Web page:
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Bold selections must be lauded

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Sri Lanka were in India in 2005, when their selectors brought in a wicketkeeper to the fold. Dinesh Karthik had already established his place in the side so people were actually wondering what was the need to bring in someone who was rarely heard of. Kiran More the Chairman of Selectors said that despite being not known too well, he had seen something special in the wicketkeeper. He was confident that this bloke would go onto make an impact in the game. Well, he had more than just an impact in Indian cricket winning the 50 over World Cup, 20 over World Cup and getting India to number one rank in Test cricket. M.S. Dhoni is his name.

Kudos to Pramodaya Wickramasinghe and his selection panel for some bold selections they have done in recent weeks. When Lasith Embuldeniya was injured and his understudy Duvindu Tillekeratne was also on the mend, the next in line was Prabath Jayasuriya. But he failed the skin fold test placing the selectors on a sticky wicket. The easier option would have been to go back to the tried and tested Malinda Pushpakumara. However, rather than going backwards, they were forward thinking. They backed young Praveen Jayawickrama and it paid off.

Praveen had played a handful of First Class games. Against a team that plays spin well, this must have been a real hard decision to hand him his Test cap, especially with Lakshan Sandakan in the squad. But the selectors were convinced that Praveen was good enough to succeed at the highest level and they were proved right. His was the best debut by a Sri Lankan bowler and in fact the tenth best debut in the history of the game.

Prior to this, the selectors had made another tough call in handing Pathum Nissanka his Test debut in the Caribbean. Despite having Roshen Silva in the squad, instead of going for experience, the selectors backed youth and Nissanka went onto become the first Sri Lankan to score a Test hundred on debut overseas.

Fitness of players have been a huge concern over the years and the selectors have done well to demand players show commitment  and to leave out those who do not meet minimum fitness standards.

The performance of the national cricket team in white ball cricket has not been up to scratch in recent years and the selectors have been bold in axing half a dozen seniors and bringing in new blood. Their initiatives need to be commended as Sri Lankan cricket is looking to regain past glories.

 

 



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Ferguson’s incredible 4-4-0-3 helps NZ exit T20 World Cup on a high

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New Zealand signed off a disappointing T20 World Cup 2024 campaign with a dominant win over Papua New Guinea, chasing down a paltry target of 79 with seven wickets and 46 balls to spare at the Brian Lara Stadium, in Tarouba.

The scale of the mismatch was characterised by Lockie Ferguson’s figures of 3 for 0 from his four overs. The New Zealand speedster became only the second bowler to bowl four maidens in a T20I fixture after Canada captain Saad Bin Zafar achieved the feat in 2021 when he returned 2 for 0 against Panama.

While Ferguson was sharp and accurate, the moisture in the pitch and what remained in the air from the morning showers that delayed the toss by an hour made it a tough ask for PNG’s batters. The weather was a primary reason Kane Williamson inserted the opposition upon winning the toss, who in turn were 16 for 2 after the powerplay.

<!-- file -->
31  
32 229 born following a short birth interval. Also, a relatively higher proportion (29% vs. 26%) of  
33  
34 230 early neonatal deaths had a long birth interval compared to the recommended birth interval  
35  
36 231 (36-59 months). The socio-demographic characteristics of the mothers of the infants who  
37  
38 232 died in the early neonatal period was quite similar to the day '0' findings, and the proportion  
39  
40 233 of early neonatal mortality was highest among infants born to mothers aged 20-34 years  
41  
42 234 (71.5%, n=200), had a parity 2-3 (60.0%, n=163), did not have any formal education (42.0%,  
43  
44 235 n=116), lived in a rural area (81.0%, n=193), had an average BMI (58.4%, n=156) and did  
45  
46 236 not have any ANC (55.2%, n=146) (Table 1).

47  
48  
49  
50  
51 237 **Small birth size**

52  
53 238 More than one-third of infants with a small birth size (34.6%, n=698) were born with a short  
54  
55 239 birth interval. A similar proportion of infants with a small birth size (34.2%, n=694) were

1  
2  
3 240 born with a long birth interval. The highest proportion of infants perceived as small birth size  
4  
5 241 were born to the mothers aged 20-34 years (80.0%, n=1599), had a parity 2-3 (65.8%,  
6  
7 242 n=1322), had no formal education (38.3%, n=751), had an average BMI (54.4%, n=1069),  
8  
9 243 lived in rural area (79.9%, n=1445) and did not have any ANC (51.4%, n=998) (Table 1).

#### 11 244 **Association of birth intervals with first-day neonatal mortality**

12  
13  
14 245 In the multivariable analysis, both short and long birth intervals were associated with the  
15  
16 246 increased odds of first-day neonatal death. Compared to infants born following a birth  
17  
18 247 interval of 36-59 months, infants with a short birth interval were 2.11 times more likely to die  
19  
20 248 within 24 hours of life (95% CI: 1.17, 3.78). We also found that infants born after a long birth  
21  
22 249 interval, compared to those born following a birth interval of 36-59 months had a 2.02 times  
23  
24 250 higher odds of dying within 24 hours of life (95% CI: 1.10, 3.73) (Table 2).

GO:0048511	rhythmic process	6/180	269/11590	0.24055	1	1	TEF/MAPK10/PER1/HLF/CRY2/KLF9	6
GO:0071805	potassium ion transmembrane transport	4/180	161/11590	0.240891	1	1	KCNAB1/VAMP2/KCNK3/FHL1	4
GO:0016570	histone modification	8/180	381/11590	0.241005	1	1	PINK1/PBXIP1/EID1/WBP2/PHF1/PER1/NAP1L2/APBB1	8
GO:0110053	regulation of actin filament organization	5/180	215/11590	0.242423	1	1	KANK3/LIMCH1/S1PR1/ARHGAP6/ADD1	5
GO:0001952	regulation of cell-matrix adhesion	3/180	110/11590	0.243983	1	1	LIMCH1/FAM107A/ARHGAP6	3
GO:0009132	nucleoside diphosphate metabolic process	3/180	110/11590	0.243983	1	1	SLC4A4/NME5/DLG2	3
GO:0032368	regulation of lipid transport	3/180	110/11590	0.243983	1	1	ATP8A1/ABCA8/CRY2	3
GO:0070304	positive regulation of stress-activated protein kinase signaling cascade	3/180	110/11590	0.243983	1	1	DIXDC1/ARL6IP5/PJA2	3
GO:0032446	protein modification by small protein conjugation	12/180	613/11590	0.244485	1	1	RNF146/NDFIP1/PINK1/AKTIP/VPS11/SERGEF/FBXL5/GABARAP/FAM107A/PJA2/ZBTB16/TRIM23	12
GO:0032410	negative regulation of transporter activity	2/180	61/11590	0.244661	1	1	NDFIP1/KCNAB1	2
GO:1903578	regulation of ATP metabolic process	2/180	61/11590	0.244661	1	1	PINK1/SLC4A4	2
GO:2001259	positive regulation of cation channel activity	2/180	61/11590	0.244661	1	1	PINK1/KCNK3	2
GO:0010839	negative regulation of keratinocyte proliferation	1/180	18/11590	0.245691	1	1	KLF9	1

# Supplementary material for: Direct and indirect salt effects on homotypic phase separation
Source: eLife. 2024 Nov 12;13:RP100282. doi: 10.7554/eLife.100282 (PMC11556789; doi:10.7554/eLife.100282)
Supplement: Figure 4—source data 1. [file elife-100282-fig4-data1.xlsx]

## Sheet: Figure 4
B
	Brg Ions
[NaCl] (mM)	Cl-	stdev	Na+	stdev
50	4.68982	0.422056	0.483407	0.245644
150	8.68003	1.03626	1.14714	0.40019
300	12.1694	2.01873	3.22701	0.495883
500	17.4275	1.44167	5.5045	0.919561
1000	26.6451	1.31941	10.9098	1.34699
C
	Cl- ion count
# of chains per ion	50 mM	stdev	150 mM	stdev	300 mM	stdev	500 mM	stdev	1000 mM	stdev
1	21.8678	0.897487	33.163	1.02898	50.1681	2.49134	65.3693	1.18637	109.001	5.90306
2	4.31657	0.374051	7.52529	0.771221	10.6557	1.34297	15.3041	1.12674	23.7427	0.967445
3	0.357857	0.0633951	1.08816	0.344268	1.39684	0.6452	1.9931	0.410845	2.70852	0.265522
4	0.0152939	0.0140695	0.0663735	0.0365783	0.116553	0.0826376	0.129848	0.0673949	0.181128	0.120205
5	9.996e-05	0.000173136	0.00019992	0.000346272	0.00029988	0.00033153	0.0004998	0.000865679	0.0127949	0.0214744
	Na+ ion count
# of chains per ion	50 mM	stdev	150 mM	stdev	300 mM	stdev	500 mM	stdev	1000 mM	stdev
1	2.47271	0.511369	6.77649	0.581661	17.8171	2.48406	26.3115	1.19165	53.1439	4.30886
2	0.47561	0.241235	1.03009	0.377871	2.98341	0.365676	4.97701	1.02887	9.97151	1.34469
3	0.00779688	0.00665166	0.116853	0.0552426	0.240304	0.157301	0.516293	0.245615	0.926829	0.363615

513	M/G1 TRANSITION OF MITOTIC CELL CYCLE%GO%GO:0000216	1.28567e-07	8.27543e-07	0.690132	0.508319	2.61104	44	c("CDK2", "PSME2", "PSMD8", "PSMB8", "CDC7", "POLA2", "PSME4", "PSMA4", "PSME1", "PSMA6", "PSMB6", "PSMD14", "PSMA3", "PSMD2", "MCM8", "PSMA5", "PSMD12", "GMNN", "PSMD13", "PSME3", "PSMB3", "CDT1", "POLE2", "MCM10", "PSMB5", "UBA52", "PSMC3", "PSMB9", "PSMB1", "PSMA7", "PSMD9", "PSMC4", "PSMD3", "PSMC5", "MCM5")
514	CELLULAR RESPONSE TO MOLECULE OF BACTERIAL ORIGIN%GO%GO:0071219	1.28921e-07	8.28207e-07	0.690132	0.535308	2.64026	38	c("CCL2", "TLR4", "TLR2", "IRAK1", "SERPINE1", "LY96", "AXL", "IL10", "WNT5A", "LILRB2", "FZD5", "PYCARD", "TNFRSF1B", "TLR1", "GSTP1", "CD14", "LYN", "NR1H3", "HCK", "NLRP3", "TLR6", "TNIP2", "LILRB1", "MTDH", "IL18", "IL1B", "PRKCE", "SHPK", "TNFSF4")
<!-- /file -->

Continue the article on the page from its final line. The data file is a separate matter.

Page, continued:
Charles Amini’s 17, the highest score of the innings, came in the most productive stand – 27 for the third wicket with Sese Bau – before he was pinned lbw for Ferguson’s second of the innings.

Trent Boult, playing in his last T20 World Cup match,  went on to pocket two wickets when he returned to bowl his final two overs at the death. Ish Sodhi, replacing Jimmy Neesham in the XI for his first match of the competition, also picked up a brace, taking the final PNG wickets in the 20th over as they were bowled out with two balls left in their innings.

But PNG were not about to bow out without a fight.Kabua Morea returning to the XI after playing the opener against West Indies, removed Finn Allen, caught behind, off the second delivery of New Zealand’s innings. He then pocketed Rachin Ravindra when the left-hander tried and failed to lift beyond deep midwicket at the start of the fifth over.

Further excitement on the field came when Semo Kamea trapped Devon Conway on the crease. His 35 – which included two fours and three sixes – had, however, taken the sting out of the chase. Conway and Williamson added 34 runs for the third wicket – New Zealand’s highest partnership of the tournament.

Williamson and Daryl Mitchell then completed the formalities, scoring the remaining 25 runs from 18 balls to earn New Zealand their second win, consigning PNG to a fourth defeat.

It began with a wicket: extra pace across Assad Vala that enticed a drive. There was even a bit of extra bounce which only served to make Mitchell’s catch at a wide first slip that little bit tougher. From that point on, Ferguson was locked in.

Did he know a place in the record books was in the offing? Probably not. But the movement through the air and off the deck, not to mention the high pace that was always going to ask unanswerable questions to a limited PNG batting line-up, meant Ferguson was likely to emerge with extraordinary figures.

The 33-year-old was primarily over the wicket to the left-handed Bau, who entered the fray upon Vala’s dismissal. Having switched to over the wicket midway through his second over (the seventh), Ferguson returned for the 12th from that angle and was immediately rewarded with a delivery into Amini’s pads that skidded on with the angle so sharply it was initially given not out on the field.

DRS corrected that error before Ferguson took matters into his own hands by hitting Chad Soper’s stumps for his third. Then came two leg byes down to deep third – which did not count against the bowler – and the final three deliveries, which were counted down by those in the commentary box, now fully invested in witnessing history. Kiplin Doriga’s mistimed pull almost broke the streak – though it also could have resulted in a catch at mid-off – before the right-hander charged Ferguson’s final delivery to no avail.

Ferguson looked a little sheepish as his team-mates filed over to congratulate him. Nevertheless, a forgettable T20 World Cup now has a memorable side note.

As valiant as PNG’s displays have been at their second T20 World Cup, there is good reason to look at their batting and wonder what might have been. Particularly when Allen and Ravindra were snared early.

Signing off with a score of 78, following totals of 95 against Afghanistan and 77 versus Uganda, highlights the limitations of their batters. Even the 136 for 8 against West Indies looked light at the halfway stage, having faced 55 dot balls when setting that evening in Guyana.